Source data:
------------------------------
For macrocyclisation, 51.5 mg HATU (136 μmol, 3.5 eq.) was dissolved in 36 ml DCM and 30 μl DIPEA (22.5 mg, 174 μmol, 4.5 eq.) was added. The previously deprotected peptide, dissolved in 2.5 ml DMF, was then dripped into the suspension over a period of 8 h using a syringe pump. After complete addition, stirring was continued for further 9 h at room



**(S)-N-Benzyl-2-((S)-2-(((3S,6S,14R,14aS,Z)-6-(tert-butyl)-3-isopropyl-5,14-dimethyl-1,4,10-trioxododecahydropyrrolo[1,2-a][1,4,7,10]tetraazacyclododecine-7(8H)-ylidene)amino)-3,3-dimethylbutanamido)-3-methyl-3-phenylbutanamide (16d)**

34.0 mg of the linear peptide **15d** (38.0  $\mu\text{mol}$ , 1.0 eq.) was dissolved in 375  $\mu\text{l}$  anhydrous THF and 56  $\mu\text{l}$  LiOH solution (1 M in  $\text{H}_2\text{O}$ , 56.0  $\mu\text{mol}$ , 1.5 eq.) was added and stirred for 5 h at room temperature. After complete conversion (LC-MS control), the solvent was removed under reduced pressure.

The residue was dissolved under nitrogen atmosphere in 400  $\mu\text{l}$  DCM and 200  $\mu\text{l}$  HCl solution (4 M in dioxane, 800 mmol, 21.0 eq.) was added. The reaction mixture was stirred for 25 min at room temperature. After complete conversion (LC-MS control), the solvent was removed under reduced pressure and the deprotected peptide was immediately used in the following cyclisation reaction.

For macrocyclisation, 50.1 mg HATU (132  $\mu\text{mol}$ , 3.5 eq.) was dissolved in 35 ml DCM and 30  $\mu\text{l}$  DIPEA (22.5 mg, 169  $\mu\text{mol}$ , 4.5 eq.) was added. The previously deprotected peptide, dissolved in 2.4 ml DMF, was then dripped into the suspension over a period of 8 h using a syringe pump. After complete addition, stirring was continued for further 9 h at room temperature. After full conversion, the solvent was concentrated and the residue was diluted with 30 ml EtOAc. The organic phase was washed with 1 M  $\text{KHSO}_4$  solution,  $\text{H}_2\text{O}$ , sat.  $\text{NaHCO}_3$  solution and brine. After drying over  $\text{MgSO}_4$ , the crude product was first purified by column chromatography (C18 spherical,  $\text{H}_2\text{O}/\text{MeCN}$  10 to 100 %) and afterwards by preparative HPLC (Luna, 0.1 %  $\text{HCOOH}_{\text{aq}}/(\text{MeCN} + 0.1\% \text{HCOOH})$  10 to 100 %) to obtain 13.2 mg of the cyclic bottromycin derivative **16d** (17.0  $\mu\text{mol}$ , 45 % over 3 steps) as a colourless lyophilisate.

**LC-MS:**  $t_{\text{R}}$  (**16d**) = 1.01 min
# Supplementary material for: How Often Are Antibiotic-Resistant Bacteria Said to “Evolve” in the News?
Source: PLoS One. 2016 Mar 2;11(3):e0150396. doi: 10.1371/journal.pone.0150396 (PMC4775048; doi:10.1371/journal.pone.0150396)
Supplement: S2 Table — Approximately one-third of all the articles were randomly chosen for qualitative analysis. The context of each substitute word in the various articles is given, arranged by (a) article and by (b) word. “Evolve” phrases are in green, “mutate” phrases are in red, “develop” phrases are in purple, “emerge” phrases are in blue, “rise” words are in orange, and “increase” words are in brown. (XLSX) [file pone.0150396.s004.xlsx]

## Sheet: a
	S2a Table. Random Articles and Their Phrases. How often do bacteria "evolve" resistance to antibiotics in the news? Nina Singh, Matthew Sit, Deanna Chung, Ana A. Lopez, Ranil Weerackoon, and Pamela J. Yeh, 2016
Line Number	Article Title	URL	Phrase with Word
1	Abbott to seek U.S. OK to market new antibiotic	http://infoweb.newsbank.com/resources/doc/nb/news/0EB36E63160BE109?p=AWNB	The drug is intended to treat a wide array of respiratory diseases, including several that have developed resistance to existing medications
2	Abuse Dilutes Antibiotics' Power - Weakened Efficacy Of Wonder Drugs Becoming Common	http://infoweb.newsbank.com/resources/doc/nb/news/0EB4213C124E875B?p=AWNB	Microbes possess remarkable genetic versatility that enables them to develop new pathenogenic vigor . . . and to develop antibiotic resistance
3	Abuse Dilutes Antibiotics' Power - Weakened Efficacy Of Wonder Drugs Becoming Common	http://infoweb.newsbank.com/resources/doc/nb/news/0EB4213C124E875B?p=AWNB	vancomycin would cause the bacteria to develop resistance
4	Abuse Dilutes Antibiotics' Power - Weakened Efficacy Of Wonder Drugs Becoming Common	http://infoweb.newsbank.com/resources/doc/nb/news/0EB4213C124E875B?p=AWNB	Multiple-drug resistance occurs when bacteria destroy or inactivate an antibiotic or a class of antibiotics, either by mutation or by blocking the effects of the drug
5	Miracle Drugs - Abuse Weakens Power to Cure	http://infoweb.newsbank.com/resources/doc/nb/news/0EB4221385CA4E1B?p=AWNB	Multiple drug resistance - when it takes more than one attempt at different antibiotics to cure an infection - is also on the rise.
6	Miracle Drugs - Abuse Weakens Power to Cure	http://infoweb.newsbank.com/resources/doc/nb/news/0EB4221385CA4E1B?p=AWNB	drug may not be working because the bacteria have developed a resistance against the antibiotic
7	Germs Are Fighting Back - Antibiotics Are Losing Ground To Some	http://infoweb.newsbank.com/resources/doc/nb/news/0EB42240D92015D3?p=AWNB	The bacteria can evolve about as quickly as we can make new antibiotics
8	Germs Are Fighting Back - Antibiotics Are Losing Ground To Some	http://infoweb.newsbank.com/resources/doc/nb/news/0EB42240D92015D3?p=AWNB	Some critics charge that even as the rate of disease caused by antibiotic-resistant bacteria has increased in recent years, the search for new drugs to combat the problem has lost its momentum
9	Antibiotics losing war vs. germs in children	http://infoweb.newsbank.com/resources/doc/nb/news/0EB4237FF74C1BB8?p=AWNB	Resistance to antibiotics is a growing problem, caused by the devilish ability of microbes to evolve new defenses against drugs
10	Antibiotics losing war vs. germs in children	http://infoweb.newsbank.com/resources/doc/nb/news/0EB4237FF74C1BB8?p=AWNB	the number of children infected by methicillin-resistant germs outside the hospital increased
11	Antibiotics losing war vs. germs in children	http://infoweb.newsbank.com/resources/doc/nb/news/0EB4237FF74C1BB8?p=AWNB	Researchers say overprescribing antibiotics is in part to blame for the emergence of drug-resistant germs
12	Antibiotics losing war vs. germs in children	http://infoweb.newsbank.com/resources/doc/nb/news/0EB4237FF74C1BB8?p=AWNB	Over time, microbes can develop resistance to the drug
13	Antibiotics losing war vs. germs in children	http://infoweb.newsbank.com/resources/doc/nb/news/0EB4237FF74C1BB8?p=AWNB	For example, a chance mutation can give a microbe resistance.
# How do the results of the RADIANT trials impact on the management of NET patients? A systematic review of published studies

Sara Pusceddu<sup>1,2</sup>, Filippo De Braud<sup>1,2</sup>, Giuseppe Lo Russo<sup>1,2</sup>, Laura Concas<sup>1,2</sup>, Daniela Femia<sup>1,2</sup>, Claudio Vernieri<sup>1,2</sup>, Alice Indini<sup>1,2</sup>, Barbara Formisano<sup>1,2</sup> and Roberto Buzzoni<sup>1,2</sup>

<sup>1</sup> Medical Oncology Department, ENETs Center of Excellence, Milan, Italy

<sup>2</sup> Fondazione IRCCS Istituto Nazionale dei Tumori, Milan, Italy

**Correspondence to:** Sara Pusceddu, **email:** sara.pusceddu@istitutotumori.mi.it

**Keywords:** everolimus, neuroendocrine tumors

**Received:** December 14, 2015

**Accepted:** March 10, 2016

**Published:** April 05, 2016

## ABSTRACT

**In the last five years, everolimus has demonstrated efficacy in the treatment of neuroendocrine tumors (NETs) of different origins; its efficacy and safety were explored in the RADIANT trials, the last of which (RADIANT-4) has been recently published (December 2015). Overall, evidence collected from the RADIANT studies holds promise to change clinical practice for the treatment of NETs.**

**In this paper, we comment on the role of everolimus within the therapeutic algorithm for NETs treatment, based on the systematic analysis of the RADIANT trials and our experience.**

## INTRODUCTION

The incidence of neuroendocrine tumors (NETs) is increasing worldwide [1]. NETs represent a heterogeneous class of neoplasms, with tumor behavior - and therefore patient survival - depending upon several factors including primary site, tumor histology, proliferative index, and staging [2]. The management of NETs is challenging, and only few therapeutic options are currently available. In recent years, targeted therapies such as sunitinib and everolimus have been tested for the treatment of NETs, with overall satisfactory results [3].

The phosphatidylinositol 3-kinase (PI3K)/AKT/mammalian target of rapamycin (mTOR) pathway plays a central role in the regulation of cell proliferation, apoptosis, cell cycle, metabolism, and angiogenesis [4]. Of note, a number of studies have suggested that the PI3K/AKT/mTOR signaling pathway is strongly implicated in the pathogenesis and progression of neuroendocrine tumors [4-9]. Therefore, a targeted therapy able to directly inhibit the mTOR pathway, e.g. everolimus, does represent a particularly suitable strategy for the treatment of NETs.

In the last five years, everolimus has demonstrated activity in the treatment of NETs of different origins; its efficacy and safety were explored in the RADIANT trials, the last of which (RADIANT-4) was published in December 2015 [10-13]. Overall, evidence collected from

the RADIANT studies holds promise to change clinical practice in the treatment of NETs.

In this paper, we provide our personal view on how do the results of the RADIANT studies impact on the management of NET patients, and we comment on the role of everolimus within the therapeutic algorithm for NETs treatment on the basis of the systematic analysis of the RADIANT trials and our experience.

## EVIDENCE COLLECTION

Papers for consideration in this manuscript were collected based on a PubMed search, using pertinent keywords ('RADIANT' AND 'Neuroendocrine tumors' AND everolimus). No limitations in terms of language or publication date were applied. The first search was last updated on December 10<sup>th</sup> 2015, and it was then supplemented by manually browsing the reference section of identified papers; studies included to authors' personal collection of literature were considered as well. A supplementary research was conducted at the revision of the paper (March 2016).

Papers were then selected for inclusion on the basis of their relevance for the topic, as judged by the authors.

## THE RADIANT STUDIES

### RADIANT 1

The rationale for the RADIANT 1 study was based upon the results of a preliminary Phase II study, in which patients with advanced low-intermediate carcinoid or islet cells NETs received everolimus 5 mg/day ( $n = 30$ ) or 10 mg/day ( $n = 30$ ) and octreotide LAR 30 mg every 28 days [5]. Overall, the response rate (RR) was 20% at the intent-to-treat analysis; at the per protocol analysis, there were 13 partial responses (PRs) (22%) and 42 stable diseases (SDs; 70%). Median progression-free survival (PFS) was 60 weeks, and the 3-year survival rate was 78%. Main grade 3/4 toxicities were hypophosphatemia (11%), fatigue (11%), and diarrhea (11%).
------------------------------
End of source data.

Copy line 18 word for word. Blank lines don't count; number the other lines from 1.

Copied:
6	Miracle Drugs - Abuse Weakens Power to Cure	http://infoweb.newsbank.com/resources/doc/nb/news/0EB4221385CA4E1B?p=AWNB	drug may not be working because the bacteria have developed a resistance against the antibiotic